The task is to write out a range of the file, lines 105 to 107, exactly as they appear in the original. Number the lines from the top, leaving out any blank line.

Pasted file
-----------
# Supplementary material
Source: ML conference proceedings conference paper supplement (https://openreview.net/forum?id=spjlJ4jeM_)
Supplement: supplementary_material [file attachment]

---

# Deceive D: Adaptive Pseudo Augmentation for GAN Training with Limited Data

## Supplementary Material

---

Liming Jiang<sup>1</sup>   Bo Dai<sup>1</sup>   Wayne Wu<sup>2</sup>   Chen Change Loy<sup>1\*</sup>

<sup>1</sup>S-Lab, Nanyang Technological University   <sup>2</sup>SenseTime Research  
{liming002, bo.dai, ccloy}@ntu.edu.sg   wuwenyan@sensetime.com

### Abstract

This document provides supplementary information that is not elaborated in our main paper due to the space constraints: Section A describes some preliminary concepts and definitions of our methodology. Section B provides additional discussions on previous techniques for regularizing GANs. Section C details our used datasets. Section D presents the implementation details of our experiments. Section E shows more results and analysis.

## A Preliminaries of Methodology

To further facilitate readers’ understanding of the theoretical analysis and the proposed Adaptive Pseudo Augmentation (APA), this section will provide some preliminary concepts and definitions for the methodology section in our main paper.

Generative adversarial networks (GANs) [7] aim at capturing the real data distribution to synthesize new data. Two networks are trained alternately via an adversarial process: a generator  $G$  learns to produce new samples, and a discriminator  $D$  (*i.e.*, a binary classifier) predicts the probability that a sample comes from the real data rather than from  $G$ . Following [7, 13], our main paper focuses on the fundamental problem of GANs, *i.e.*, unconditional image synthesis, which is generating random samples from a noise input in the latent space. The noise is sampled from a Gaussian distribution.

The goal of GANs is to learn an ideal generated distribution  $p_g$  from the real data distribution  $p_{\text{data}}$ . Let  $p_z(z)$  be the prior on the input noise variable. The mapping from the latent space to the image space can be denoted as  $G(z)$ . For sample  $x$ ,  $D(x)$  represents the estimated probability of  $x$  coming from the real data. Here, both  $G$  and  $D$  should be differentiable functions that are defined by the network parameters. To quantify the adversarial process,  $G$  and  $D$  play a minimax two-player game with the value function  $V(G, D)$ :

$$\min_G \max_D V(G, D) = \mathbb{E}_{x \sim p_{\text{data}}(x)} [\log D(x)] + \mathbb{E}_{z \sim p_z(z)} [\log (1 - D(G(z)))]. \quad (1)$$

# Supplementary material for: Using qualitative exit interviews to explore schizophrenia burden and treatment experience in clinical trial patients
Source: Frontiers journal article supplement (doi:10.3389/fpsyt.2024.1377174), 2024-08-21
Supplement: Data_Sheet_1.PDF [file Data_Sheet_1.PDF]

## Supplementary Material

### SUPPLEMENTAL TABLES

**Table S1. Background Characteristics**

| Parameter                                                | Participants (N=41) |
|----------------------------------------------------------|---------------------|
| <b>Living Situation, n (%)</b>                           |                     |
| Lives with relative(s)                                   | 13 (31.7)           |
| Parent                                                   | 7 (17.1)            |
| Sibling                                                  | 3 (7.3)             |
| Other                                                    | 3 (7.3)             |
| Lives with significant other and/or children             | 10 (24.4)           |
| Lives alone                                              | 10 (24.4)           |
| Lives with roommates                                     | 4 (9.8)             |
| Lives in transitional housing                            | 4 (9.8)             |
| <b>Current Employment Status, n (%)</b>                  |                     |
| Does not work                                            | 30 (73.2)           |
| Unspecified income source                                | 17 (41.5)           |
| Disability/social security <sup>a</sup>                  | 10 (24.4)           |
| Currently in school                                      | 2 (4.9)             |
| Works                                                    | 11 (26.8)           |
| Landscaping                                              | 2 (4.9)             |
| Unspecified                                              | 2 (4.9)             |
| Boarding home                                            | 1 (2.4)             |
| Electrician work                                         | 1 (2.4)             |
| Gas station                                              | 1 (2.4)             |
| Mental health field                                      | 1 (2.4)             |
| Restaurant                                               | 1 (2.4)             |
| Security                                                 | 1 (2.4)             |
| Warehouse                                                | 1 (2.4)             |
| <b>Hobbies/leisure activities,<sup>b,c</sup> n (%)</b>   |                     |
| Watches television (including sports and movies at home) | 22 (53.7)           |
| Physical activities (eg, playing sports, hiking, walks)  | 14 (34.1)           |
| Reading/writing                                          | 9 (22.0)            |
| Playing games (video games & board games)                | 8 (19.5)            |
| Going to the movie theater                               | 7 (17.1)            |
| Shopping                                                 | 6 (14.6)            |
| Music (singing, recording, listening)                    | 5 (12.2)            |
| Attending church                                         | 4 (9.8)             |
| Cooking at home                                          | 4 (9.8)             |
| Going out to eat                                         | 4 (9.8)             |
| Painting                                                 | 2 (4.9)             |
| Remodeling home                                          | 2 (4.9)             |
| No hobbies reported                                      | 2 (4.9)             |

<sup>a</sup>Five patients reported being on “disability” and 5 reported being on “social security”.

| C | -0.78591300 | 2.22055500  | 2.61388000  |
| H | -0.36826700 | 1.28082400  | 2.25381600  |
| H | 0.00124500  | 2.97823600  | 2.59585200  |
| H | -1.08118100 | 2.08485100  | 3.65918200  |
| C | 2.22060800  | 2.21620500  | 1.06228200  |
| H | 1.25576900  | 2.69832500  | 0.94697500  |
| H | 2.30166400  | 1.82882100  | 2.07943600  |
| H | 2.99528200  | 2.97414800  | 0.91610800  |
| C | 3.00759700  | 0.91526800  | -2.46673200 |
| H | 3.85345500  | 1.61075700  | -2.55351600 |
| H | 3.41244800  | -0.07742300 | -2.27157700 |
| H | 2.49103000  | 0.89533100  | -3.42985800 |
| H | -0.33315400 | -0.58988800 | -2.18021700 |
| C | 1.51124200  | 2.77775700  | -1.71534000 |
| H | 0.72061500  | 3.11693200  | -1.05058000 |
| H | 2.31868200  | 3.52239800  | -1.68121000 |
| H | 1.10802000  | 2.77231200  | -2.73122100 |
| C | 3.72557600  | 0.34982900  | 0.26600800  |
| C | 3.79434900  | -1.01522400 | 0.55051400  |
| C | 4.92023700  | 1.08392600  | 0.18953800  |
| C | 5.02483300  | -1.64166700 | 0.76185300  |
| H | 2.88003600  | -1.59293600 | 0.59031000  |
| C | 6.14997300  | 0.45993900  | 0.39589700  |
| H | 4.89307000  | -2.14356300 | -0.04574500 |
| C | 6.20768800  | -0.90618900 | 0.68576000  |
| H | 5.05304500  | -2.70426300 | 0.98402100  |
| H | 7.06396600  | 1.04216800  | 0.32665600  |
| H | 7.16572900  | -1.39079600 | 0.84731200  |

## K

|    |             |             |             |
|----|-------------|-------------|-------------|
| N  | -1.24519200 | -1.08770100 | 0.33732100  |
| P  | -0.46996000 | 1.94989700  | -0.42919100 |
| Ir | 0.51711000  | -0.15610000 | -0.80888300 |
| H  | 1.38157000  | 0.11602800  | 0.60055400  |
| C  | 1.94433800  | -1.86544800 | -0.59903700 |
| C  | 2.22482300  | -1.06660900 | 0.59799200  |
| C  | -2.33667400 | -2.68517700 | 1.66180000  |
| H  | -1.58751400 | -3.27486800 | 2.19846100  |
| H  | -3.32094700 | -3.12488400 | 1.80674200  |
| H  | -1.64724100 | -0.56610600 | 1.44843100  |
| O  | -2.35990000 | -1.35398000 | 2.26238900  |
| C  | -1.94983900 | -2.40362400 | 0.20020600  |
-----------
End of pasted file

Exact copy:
| H  | -1.64724100 | -0.56610600 | 1.44843100  |
| O  | -2.35990000 | -1.35398000 | 2.26238900  |
| C  | -1.94983900 | -2.40362400 | 0.20020600  |